Clean-up and salvage efforts are underway in Louisiana, one day after Hurricane Lili carved a path of destruction through parts of the state. While assessing damage, officials are expressing relief that no storm-related deaths have been reported. Lili has since weakened to a tropical depression but continues to dump rain over parts of the southern United States.
Tens of thousands of Louisiana residents have returned to the towns they evacuated two days ago to find roofs and siding ripped from houses and businesses, windows blown out of homes and vehicles, and uprooted trees and telephone poles scattered like mangled matchsticks.
Coastal resident Bob Jones said he was gravely worried about how his home fared in the storm. "When you have five feet (1.6 meters) of water inside your house, you have got to be anxious to get back to see what is there," he explained.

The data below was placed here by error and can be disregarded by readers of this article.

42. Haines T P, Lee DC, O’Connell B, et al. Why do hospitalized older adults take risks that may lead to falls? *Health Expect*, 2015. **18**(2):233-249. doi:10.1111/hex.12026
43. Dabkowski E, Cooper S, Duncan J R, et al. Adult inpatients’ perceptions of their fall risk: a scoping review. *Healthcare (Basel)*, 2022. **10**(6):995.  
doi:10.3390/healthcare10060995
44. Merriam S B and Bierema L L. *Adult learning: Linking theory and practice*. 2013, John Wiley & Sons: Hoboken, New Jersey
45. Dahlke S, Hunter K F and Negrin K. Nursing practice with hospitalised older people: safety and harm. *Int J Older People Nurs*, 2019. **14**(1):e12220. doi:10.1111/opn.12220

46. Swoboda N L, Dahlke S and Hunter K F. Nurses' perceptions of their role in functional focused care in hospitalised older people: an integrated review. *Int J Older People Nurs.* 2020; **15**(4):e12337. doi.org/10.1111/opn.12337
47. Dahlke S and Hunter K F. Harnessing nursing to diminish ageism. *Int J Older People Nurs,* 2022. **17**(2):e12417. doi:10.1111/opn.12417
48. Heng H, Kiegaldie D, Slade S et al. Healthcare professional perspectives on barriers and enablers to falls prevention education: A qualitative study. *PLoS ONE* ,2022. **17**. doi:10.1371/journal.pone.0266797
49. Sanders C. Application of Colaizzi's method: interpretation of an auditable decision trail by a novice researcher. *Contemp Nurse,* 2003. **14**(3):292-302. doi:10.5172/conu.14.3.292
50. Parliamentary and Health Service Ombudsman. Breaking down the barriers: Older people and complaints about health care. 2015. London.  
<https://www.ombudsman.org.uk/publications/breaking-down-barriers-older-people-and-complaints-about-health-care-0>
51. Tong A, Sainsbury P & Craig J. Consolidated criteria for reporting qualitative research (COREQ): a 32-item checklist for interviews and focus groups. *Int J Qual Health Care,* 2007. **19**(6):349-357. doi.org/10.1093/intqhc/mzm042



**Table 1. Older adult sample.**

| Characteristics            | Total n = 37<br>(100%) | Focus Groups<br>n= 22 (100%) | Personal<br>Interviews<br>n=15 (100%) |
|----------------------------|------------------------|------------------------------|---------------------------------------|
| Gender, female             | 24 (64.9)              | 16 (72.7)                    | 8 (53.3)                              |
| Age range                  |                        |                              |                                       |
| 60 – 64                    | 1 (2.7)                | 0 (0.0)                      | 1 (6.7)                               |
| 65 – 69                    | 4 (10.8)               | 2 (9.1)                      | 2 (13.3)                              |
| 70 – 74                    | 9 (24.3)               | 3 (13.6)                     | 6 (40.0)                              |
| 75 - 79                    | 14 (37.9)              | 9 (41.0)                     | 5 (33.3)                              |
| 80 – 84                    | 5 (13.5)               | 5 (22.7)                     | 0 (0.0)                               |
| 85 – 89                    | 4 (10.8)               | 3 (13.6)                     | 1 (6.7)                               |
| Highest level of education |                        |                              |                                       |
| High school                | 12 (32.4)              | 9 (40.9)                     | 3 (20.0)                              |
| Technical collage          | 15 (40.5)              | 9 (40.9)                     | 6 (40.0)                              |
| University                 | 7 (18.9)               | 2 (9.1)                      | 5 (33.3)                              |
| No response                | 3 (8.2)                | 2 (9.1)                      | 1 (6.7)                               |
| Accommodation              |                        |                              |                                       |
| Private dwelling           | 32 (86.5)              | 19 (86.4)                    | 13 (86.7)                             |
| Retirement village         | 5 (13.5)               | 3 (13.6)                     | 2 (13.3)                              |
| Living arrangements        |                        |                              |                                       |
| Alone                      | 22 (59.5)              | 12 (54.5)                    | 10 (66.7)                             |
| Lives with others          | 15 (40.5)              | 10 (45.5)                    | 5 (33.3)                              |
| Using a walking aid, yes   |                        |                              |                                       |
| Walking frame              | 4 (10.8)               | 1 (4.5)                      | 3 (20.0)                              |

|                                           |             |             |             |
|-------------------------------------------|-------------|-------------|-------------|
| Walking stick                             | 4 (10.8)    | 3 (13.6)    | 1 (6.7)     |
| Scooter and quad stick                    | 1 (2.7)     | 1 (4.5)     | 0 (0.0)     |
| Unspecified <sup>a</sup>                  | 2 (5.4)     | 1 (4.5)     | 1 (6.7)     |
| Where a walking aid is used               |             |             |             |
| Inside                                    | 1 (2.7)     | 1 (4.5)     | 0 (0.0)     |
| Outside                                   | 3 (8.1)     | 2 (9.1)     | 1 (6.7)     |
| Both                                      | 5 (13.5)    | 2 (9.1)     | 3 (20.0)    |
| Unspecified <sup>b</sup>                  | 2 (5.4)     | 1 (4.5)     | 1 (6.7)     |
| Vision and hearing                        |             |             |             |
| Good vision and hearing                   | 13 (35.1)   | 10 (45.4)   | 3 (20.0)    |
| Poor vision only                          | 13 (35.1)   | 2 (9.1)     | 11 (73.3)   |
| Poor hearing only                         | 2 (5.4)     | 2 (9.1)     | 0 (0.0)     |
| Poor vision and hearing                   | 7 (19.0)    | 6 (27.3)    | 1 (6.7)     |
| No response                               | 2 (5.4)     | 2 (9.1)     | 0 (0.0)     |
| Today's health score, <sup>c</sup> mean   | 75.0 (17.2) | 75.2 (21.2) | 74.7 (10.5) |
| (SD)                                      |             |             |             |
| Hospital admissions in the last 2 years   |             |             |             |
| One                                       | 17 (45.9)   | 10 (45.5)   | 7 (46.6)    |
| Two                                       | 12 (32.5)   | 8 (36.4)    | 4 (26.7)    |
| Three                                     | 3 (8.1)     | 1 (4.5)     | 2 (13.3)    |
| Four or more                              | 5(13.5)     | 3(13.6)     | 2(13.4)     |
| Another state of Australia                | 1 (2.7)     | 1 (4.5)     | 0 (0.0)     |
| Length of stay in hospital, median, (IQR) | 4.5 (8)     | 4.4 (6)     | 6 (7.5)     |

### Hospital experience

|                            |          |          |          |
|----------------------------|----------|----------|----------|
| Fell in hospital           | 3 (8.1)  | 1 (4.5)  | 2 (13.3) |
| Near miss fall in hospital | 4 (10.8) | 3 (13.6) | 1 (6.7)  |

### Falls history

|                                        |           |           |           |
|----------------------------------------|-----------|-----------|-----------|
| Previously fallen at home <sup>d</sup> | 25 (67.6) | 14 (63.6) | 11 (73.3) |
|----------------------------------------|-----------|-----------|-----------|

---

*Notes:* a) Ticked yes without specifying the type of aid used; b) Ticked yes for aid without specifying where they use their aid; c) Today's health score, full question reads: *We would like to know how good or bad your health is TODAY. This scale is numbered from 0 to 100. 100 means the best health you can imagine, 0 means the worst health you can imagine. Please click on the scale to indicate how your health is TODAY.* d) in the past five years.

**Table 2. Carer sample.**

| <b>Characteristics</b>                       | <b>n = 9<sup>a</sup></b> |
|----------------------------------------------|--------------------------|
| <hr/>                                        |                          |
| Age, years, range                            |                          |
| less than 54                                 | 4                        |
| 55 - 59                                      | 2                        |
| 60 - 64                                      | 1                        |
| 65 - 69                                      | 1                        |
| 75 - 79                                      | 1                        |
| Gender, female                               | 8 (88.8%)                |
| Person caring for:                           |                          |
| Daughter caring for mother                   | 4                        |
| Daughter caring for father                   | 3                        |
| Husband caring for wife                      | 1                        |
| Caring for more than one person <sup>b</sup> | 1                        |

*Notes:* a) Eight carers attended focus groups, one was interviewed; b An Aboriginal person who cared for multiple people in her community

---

Lili came ashore from the Gulf of Mexico Thursday packing winds in excess of 145-kilometers an hour. The storm blew tractor trailers onto their sides, ripped pumps out of gasoline stations and sent debris hurtling through the air. Lili caused fierce storm surges and brought massive flooding to coastal regions. Hundreds of thousands of people remain without power.
President Bush has declared a disaster in Louisiana, making the state eligible for federal aid. Damage assessments may take several days to complete and the clean-up and recovery effort will continue for weeks to come.
Even so, many residents say they feel lucky. Lili's winds reached a fearsome 225-kilometers an hour as the storm bore down on the state, only to lessen in intensity just before the weather system made landfall.
Last week, Louisiana was struck by another storm, Isidore, which inflicted $100 million worth of damage. State officials say Lili will prove to be a far more costly storm than Isidore.